Pete Steadman: Helping Others Achieve Financial Freedom by Reframing Their Priorities and Beliefs

For most people, living in paradise and enjoying a balance between fulfilling work and family life is just a dream. But for Pete Steadman, who lives in a gorgeous oceanfront house in Playa del Carmen, Mexico, with his wife and sons, it’s a beautiful reality.

The best part, sure to draw envy among others, is that Pete doesn’t have to work around the clock to afford his idyllic lifestyle that includes 32 acres of lush jungle space. He’s in the process of transforming the property into a retreat center and conscious community.

What’s the secret to his success? Reframing his thinking around some of the lessons he was brought up with as the son of a workaholic dad who passed away while working overtime during his lunch hour to pay off debt.

“A lot of our own problems stem from the beliefs that come primarily from our parents and those closest to us growing up, which we subconsciously adopt as our own,” says Pete.

But while reframing your value system and self-worth sounds simple, taking action to change can be challenging. And that’s precisely why Tony and Makaylah want to walk others through the challenge.

It’s Not About Working Harder

“I want to be able to push, encourage, and steer a little,” says Pete. “When we’re working with money issues, lots of blocks come up, especially around our own self-worth.”

Pete believes achieving Financial Freedom as a business owner isn’t about working harder and longer. It’s about working smarter and knowing your value in the marketplace. When his clients incorporate these principles into their lives, they can start working toward their own personal Financial Freedom. Whether that looks like an oceanfront home in a tropical paradise or prospering as a small business owner.

To understand how Pete achieved his success and came upon his coaching style, it’s important to understand where he came from.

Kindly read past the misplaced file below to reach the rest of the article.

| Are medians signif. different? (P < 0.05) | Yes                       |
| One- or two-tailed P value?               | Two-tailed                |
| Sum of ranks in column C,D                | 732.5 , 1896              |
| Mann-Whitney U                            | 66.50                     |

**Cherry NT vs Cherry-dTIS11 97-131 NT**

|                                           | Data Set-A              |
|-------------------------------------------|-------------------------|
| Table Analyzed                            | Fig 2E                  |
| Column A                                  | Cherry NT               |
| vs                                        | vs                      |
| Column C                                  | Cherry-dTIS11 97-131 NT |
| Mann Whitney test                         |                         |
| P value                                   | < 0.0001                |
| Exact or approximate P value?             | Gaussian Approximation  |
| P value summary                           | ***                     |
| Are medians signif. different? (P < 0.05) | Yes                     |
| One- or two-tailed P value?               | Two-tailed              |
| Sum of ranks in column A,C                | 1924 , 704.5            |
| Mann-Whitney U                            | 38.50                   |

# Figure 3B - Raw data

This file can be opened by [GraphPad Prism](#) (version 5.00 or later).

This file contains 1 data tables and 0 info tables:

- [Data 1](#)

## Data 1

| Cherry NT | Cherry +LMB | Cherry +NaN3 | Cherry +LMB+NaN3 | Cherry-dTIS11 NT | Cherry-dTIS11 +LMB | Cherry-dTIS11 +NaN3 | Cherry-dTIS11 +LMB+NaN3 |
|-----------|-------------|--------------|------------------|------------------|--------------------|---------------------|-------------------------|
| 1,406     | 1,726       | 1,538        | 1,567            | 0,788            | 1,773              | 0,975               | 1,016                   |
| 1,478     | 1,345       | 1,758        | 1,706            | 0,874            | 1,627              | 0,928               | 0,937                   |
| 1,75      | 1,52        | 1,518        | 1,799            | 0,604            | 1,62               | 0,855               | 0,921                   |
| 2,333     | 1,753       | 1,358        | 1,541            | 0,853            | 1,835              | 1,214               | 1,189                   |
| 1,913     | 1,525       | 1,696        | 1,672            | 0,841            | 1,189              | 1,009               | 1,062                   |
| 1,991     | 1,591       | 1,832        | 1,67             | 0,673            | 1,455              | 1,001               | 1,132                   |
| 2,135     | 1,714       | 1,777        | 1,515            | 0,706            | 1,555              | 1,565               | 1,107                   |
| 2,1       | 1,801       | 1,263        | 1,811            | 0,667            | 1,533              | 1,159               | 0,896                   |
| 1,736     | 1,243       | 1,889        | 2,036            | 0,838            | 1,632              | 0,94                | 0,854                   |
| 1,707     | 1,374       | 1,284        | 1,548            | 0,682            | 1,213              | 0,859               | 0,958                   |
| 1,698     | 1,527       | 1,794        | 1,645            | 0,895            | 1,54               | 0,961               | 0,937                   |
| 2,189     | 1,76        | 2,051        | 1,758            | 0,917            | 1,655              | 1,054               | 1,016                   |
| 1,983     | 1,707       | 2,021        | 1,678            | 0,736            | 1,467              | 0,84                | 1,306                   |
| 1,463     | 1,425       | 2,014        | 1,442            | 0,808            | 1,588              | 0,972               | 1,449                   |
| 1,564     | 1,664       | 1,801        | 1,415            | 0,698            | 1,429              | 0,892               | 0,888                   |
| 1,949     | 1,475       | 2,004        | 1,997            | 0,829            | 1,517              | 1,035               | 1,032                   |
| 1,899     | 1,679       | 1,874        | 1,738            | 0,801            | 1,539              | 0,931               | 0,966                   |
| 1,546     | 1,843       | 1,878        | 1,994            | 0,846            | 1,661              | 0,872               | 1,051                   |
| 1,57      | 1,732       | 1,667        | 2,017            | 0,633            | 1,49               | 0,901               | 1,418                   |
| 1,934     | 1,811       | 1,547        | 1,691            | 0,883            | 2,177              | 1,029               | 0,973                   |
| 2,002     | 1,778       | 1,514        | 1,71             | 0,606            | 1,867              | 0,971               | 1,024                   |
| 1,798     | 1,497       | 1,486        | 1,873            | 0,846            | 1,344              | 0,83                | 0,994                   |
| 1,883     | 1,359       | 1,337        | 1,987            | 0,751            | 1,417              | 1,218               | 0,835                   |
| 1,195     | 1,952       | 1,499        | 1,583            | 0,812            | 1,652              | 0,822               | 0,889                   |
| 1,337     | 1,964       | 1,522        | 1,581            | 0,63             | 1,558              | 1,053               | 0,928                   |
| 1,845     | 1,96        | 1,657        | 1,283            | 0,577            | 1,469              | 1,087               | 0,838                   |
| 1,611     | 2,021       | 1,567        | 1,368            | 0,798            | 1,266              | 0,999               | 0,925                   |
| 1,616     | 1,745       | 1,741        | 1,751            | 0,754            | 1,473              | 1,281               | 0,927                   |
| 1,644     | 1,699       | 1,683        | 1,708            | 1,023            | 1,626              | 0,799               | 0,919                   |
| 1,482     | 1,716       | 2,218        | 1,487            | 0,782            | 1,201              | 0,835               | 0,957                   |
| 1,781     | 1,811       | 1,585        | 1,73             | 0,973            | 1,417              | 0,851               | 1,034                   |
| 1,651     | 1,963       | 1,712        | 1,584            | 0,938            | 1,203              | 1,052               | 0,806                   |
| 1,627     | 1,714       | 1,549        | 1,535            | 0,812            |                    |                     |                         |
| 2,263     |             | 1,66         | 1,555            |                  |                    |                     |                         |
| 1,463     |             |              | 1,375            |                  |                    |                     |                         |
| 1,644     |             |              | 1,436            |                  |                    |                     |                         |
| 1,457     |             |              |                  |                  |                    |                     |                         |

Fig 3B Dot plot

Growing Up In The UK

Pete grew up in the United Kingdom in a traditional family setting. Like many of his peers, he was sent to boarding school at the age of seven. His father was a dairy farmer who seemed to work round the clock. That made a lasting impression throughout his childhood. He paid his way through university by doing seasonal farm work each summer. Poised to follow in his dad’s footsteps, Pete bought his first rental property when he was 22.

After meeting his wife Latisha, they enjoyed traveling to exotic places like Hanoi, India and Thailand. In 2008, the couple purchased a boutique hotel in the Pacific Northwest of the US. Their goal was to build a beautiful getaway space. But not too long after they became business owners, the economy tanked, the value of the property fell and Pete and Latisha lost $40,000 within a few months.

“We had to really explore how to add value to our clients, and go back to the drawing board,” Pete recalls. “We had to make it work, so we explored every possibility on how to turn things around, we strived to exceed our guests’ expectations every time they stayed with us. We had to ensure that clients would truly feel they were getting value for their money.”

Pete and his wife made profound changes that helped turn things around even better than expected. They increased their revenue 12 percent to 25 percent each year.

While turning a profit was exciting, it led to serious burnout. That’s when Pete started to wonder if the work ethic he’d been brought up with was truly sustainable.

Learning From The Past

“My dad passed away when he was 52,” says Pete. “He was on the phone to the bank manager and was working overtime to pay off interest on the overdraft. There was a period in his life when he went at least 10 years without taking a holiday. My view of that was, ‘there has to be a better way.’”

About 18 months ago, Pete and Latisha decided to sell their successful business and concentrate on a better work-life balance. Latisha became pregnant again, and they wanted to make time to bond with their soon-to-be family of four. Almost serendipitously, Pete met Tony Pennells through his wife, started learning about They soon realized their principles, centering on Financial Freedom, aligned in a very natural way.

Today, Pete enjoys his life, and continues to seek adventures — chronicled through his Facebook page Portland to Patagonia. Not surprisingly, he loves working with clients who are trying to break out of the rat race. He enjoys helping people break free from the toxic workaholic tendencies preventing them from truly enjoying life.

“My favorite clients are people who have a thirst for life, those who understand that there is more to life than work and they want to have a positive impact on the world,” says Pete. “My ideal client is someone who wants to lead balanced life but currently feels trapped and limited by their financial situation.”


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